What is it?, History, cultivation, nutritional value, uses, recipes, and more...
Taperiba (Spondias dulcis) is a fruit that grows in tropical areas and is used by its inhabitants as an edible and nutritious fruit. In Peru, it is mainly found in the Amazon region and does not have the industrialization and popularity that its organoleptic and nutritional properties deserve.
What is Taperiba?
Taperiba, also known as ambarella or yellow mombin, is a medium to large-sized tree that typically reaches a height of 5 to 25 meters and a width of 60 cm. It has a rounded crown with horizontal or ascending branches. The outer bark is cracked, brown or gray, often rough with longitudinal ridges, and the inner bark is pinkish-orange with whitish longitudinal veins. Its leaves measure between 18 and 43 cm in length and have narrowly oblong leaflets, sometimes narrowly ovate, lanceolate, or elliptical. The edible part of this plant, the fruit, is oblong or, less frequently, ellipsoid or slightly ovoid, measuring 2-4 cm in length and is yellow or orange when ripe.
For its proper development, Taperiba requires a warm and rainy climate. It adapts to all types of soils except for flooded ones, as long as it has good luminosity and temperatures above 12°C. Its fruits are harvested at 4 years, and the maximum production is reached at 7 years after planting.
History of Taperiba
Ortega (1974) and Calzada (1980) mentioned by Sáenz (2005) report that the ambarella or Taperiba (Spondias cytherea soon) is synonymous with Spondias dulcis Forsty and Spondias dulcis Parkinson. This fruit can be found up to 700 meters above sea level in the tropics, and its origin is found in the Society Islands of the South Pacific (Oceania), possibly reaching Jamaica between 1782 and 1792. From there, it would spread throughout America. This fruit grows and thrives in almost all tropical countries and is better known in the northern region of our country as “ambarella” and in the jungle as “Taperiba”; it is a close relative of the mango.
It is said that it was previously called “sour plum” in Peru, and it was a Brazilian who reported the fruit during the colonial period and called the tree “Titiribá” in Tocantins.
This fruit is quite common in India and Ceylon. It is sold in markets in Vietnam and other places in former Indochina. It is cultivated in Queensland, Australia, and has grown on a small scale in Gabon and Zanzibar.
Habitat of Taperiba
The species was introduced from Oceania (Mitchell & Daly, 1998). Taperiba is observed in areas with high and constant rainfall, as well as in areas with marked dry seasons. It grows in soils with varying texture and acidity, as long as they have good fertility and good drainage.
Taperiba (Spondias dulcis Sol. ex Parkinson) is found throughout Asia, Australia, Central and South America, the Caribbean, and parts of Africa (Bartoo and Badrie 2005, Lira et al. 2014). It is also known regionally as “tapisho” and is abundant in the Peruvian Amazon (Brako and Zarucchi 1993).
The ambarella is widely distributed in the Iquitos and Pucallpa areas (Department of Loreto), Chanchamayo and Satipo (Department of Junín), Chulucanas and Sullana (Department of Piura), as well as in the departments of San Martín, Huánuco, and Ucayali. This fruit adapts to the Lower Jungle of the Loreto department, as it is an area of tropical rainforests and tropical dry forests. It can also adapt to warm and humid tropics, where it thrives best in moist, dry, and soft soils. In the Piura Region, the ambarella is distributed in the Marcavelica and Querecotillo areas, province of Sullana, department of Piura. Likewise, it can be cultivated in the warmer areas of the subtropics and dry tropics of the region.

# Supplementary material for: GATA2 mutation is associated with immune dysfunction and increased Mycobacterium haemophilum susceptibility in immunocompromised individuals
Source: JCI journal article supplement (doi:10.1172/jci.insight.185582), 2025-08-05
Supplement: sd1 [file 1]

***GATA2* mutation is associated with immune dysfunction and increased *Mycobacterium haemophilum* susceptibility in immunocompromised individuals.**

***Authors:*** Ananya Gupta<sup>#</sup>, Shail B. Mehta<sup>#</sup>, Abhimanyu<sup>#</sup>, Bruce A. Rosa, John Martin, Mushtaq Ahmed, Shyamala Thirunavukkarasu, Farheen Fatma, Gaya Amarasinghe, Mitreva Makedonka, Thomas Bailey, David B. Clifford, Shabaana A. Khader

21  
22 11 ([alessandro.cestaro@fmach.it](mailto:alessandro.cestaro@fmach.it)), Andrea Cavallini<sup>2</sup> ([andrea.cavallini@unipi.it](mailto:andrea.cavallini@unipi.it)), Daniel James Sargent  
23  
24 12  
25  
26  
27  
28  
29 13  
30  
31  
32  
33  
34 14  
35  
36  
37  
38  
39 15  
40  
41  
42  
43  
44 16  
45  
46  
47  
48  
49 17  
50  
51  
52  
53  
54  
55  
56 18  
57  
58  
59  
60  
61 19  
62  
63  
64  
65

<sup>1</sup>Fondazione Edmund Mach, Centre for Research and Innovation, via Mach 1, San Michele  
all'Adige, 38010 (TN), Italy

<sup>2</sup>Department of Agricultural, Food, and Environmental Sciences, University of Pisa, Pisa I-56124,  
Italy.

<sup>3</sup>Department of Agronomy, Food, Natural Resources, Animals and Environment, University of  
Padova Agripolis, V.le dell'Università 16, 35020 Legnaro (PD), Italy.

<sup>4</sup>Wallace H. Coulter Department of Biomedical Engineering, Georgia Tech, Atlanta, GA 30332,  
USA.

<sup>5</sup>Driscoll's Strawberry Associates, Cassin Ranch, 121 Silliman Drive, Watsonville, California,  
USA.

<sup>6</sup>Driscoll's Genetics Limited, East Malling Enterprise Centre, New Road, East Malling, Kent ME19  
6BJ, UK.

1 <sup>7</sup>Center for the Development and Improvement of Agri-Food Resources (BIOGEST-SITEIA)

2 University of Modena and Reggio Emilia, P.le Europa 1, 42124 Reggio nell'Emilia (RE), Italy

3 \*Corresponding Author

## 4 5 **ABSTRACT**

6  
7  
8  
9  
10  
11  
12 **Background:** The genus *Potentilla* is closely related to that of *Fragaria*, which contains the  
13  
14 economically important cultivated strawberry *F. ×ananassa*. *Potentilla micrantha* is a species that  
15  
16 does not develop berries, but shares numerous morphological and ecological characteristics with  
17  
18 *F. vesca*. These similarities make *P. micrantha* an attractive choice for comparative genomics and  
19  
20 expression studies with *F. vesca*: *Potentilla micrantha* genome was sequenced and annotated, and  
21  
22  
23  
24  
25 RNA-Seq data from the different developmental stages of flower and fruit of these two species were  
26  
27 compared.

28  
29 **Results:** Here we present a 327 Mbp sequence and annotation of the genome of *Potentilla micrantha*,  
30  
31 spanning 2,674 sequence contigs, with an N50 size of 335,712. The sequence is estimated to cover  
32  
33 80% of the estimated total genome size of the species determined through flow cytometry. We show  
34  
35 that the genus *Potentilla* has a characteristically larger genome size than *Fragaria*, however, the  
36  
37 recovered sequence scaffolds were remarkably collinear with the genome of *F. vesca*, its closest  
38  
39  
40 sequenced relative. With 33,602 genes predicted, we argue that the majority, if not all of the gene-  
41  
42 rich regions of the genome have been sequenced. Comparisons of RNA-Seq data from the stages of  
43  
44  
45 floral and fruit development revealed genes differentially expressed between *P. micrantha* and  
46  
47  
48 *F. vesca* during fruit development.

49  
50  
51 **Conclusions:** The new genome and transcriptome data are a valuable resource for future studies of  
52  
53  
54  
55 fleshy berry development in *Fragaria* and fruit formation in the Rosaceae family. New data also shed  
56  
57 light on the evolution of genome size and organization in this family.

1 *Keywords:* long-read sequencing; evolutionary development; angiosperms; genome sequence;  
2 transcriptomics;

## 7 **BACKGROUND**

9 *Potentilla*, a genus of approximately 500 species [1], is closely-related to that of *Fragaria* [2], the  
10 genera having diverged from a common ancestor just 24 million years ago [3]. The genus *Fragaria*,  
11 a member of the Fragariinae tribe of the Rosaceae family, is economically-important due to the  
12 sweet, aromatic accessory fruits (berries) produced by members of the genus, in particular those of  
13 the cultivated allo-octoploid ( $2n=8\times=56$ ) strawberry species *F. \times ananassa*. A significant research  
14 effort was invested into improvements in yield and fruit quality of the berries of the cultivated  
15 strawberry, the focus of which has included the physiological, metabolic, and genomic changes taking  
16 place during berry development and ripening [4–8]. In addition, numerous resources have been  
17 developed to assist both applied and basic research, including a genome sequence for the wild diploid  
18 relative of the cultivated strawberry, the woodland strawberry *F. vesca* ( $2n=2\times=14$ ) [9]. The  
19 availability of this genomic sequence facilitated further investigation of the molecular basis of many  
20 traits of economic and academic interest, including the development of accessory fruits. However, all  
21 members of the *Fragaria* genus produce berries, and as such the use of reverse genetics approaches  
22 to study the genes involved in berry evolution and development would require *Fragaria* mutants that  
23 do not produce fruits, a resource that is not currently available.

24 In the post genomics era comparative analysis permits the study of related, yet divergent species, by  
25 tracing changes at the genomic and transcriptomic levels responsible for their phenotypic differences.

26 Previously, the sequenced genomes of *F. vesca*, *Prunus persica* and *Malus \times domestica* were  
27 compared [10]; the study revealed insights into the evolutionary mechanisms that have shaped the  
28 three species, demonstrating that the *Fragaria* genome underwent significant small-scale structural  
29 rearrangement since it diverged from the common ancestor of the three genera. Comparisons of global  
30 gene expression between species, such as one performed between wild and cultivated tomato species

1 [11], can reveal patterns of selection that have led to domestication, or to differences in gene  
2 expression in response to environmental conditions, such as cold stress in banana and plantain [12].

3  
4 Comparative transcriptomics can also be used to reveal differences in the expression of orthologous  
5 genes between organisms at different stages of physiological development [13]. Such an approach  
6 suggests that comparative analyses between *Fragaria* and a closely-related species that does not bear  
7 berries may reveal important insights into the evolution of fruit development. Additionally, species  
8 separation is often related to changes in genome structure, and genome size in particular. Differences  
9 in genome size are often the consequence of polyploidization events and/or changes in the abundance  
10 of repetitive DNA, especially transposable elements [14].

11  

|El Salvador||Jobo, jocote, jocote de corroncha o de pava|
|Brasil||Caja-mango, Cajarana, Cajaseira de Fruto Grande, Taperiba-Assu|
|Perú||Ubos, mango ciruelo|
|Venezuela||Ciruela joba, jobito|
|Cuba||Ciruelo, cirolero agrio o amarillo, Jobo de la India|
|Área caribeña||Yellow mombin, hog plum|
|Jamaica||Spanish plum, gully plum|
|México||Ciruela, jobo, jobito|
|Ghana||Hog plum, Ashanti plum|
|Tahití||Menbrillo Tahitiano, Ciruelo Gigante, Manzana de Tahiti|
|Francia||Arbre de Cytherea|
Mauria juglandifolia Benth. ex Engl.
Spondias aurantiaca Schumach. & Thonn.
Spondias axillaris Roxb.
Spondias cythera Tussac
Spondias dubia A. Rich.
Spondias graveolens Macfad.
Spondias lucida Salisb.
Spondias lutea L.
Spondias lutea Royen ex Blume
Spondias lutea var. glabra Engl.
Spondias lutea var. maxima Engl.
Spondias oghigee G. Don
Spondias pseudomyrobalanus Tussac
In Peru, Taperiba is also known as “ambarella” because its texture resembles mango and its taste is sweet and sour like a plum.
Geographical Distribution of Taperiba
Loreto, Junín, San Martín, Huánuco, Piura
Seasonal Availability of Taperiba
Nutritional Value of Taperiba
Ambarella is a fruit rich in acids and vitamin C, a highly recommended vitamin as it strengthens the immune system, protecting us from many diseases. It also contains high levels of calcium and phosphorus, and to a lesser extent, iron.
Taperiba is not only rich in nutrients but also has a high content of phytochemicals, also known as bioactive compounds, such as ascorbic acid, phenolic compounds, flavonoids, carotenoids, tannins, etc., which help prevent the development of various types of cancer and cerebrovascular and cardiovascular diseases, including Alzheimer’s disease.
In a study by Oriondo et al. (2016), the antioxidant capacity of different Amazonian fruits from Peru was evaluated against lemon juice, and it was determined that Taperiba juice showed a higher percentage of antioxidant activity (353%) compared to other fruits such as cashew (107%), caja fruit (201%), arazá (268%), and caimito (302%). Furthermore, the antioxidant capacity of all the Amazonian fruits studied exceeded that of lemon fruit (100%).